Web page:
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The terms opioid and opiate are typically used interchangeably today, but there is a significant difference between the two. Although the two terms refer to different types of substances, all opioids and opiates are addictive and have a high risk of abuse. In this blog, we’ll explore the definitions of both terms and look at some examples of each. Understanding the difference between the two types of drugs can help you better understand your prescription medications and help prevent abuse, dependence, and addiction.

Opioids vs. Opiates: What’s the Difference?
The term “opiate” refers to a drug that is naturally-derived from the opium poppy plant whereas the term “opioid” is a broader term that refers to natural or synthetic substances that bind to the opioid receptors in the brain.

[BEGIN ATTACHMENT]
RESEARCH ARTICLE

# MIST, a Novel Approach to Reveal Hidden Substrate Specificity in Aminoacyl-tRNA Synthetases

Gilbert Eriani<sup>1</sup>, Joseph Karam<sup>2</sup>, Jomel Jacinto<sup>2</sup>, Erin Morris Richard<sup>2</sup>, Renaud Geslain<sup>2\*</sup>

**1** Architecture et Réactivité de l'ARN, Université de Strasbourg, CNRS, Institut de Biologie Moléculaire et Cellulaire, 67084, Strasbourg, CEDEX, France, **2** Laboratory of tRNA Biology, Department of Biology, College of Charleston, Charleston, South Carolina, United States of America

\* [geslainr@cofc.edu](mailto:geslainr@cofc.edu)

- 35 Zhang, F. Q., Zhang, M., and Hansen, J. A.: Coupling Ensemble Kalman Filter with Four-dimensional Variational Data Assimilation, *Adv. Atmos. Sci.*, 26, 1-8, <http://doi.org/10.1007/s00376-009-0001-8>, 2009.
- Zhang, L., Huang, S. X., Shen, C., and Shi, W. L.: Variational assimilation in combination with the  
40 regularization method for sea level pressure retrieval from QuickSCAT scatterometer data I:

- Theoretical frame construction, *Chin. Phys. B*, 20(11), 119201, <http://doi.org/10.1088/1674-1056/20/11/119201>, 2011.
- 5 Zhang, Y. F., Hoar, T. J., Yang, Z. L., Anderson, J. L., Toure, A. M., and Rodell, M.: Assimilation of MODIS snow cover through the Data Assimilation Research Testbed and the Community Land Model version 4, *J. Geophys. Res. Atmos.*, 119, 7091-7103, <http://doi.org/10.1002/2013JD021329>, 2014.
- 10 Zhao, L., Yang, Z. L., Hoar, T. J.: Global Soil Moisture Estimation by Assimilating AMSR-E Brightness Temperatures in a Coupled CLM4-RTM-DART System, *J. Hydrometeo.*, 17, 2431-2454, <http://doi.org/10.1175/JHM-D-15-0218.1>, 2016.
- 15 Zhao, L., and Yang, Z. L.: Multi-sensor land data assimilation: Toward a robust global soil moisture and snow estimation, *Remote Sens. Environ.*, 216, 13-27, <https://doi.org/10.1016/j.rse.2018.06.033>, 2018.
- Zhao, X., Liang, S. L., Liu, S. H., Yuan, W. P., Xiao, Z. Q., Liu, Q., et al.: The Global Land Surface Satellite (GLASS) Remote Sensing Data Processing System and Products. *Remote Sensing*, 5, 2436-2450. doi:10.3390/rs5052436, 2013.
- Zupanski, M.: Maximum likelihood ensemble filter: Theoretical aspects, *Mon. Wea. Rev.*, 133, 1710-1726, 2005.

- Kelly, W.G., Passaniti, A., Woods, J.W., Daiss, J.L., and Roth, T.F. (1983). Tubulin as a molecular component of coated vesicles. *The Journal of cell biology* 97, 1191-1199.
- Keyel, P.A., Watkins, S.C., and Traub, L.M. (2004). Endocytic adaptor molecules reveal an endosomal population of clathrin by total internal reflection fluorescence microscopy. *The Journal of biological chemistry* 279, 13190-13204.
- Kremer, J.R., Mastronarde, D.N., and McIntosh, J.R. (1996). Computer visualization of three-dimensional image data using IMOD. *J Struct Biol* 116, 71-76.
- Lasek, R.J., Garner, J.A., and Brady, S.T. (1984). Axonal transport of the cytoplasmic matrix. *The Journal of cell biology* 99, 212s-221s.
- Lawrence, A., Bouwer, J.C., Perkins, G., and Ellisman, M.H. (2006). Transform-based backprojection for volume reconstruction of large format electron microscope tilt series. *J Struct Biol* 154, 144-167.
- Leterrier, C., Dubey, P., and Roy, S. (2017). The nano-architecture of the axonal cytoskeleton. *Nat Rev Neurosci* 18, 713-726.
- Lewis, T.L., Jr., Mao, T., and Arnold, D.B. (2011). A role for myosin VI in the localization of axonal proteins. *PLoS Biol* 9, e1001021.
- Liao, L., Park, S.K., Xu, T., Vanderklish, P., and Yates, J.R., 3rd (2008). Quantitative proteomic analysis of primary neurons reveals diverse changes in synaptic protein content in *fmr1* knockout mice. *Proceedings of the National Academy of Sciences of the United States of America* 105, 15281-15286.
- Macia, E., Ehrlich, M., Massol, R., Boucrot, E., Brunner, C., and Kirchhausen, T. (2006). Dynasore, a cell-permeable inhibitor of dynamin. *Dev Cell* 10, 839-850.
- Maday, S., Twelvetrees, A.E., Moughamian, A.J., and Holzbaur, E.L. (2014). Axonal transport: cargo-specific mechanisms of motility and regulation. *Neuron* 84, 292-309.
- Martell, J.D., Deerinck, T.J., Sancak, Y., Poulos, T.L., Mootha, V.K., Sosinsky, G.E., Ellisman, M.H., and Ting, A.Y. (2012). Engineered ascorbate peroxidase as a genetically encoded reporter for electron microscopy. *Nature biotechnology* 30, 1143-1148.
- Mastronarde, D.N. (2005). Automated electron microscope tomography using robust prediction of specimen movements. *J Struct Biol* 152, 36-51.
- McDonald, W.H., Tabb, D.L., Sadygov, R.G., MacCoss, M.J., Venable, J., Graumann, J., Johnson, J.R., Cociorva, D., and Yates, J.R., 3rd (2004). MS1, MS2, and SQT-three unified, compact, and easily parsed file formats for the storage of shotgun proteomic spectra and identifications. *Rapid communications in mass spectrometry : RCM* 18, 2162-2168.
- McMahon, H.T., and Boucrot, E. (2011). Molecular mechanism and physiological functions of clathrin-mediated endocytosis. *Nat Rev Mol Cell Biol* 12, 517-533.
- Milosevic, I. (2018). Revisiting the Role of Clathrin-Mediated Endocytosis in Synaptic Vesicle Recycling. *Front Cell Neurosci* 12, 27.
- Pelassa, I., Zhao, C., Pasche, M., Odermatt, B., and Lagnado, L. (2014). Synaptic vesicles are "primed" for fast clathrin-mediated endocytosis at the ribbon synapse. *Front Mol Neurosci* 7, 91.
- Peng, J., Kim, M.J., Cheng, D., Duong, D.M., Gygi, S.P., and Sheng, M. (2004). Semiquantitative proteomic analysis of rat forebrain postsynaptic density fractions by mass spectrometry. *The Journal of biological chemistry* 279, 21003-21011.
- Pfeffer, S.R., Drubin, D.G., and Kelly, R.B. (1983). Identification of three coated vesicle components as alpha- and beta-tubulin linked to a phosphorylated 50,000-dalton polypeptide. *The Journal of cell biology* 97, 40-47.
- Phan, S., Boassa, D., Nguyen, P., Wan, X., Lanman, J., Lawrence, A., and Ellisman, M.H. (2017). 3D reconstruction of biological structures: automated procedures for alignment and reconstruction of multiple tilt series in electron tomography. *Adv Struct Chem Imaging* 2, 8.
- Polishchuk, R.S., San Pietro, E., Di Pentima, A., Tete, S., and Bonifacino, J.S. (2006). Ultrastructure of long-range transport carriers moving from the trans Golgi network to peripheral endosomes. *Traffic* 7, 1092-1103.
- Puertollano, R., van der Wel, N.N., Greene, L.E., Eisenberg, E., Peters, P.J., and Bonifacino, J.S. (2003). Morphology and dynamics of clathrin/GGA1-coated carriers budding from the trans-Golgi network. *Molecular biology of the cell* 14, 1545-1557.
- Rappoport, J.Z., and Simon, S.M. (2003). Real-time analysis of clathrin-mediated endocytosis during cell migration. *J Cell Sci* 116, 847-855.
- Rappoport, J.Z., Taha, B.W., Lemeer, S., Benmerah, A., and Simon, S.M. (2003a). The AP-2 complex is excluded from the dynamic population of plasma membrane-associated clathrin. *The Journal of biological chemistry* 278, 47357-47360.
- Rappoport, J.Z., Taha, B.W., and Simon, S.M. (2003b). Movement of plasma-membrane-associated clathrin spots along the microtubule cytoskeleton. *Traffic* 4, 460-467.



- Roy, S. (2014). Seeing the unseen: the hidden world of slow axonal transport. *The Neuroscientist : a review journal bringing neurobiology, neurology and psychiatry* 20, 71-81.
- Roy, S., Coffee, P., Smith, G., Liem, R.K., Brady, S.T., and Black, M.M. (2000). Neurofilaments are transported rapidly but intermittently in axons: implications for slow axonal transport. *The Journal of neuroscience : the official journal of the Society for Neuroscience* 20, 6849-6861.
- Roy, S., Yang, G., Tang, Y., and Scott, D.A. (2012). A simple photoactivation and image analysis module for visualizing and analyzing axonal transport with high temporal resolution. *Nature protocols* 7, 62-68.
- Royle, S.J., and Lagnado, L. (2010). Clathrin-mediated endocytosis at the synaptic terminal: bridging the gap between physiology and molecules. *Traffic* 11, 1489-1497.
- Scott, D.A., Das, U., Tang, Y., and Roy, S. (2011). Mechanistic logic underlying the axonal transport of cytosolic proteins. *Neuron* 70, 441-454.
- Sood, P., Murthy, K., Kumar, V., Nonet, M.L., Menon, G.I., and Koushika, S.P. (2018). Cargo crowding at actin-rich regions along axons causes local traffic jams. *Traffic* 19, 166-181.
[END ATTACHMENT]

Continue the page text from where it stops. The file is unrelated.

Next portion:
What is an Opiate?

Opiates are natural substances that come from the opium poppy (Papaver somniferum).1 Opium itself is extracted from the poppy and contains chemical compounds, also known as opioid alkaloids. About 20 opioid alkaloids exist in the opium plant, but there are six that occur in the largest amounts.2,3 They include:

  • Morphine
  • Codeine
  • Narcotine
  • Thebaine
  • Papaverine
  • Narceine

The two most well-known opioid alkaloids are morphine and codeine, although thebaine and papaverine are also used in the drug industry.

Examples of opiates include:

  • Morphine (MS Contin and Kadian)
  • Codeine
  • Thebaine

What is an Opioid?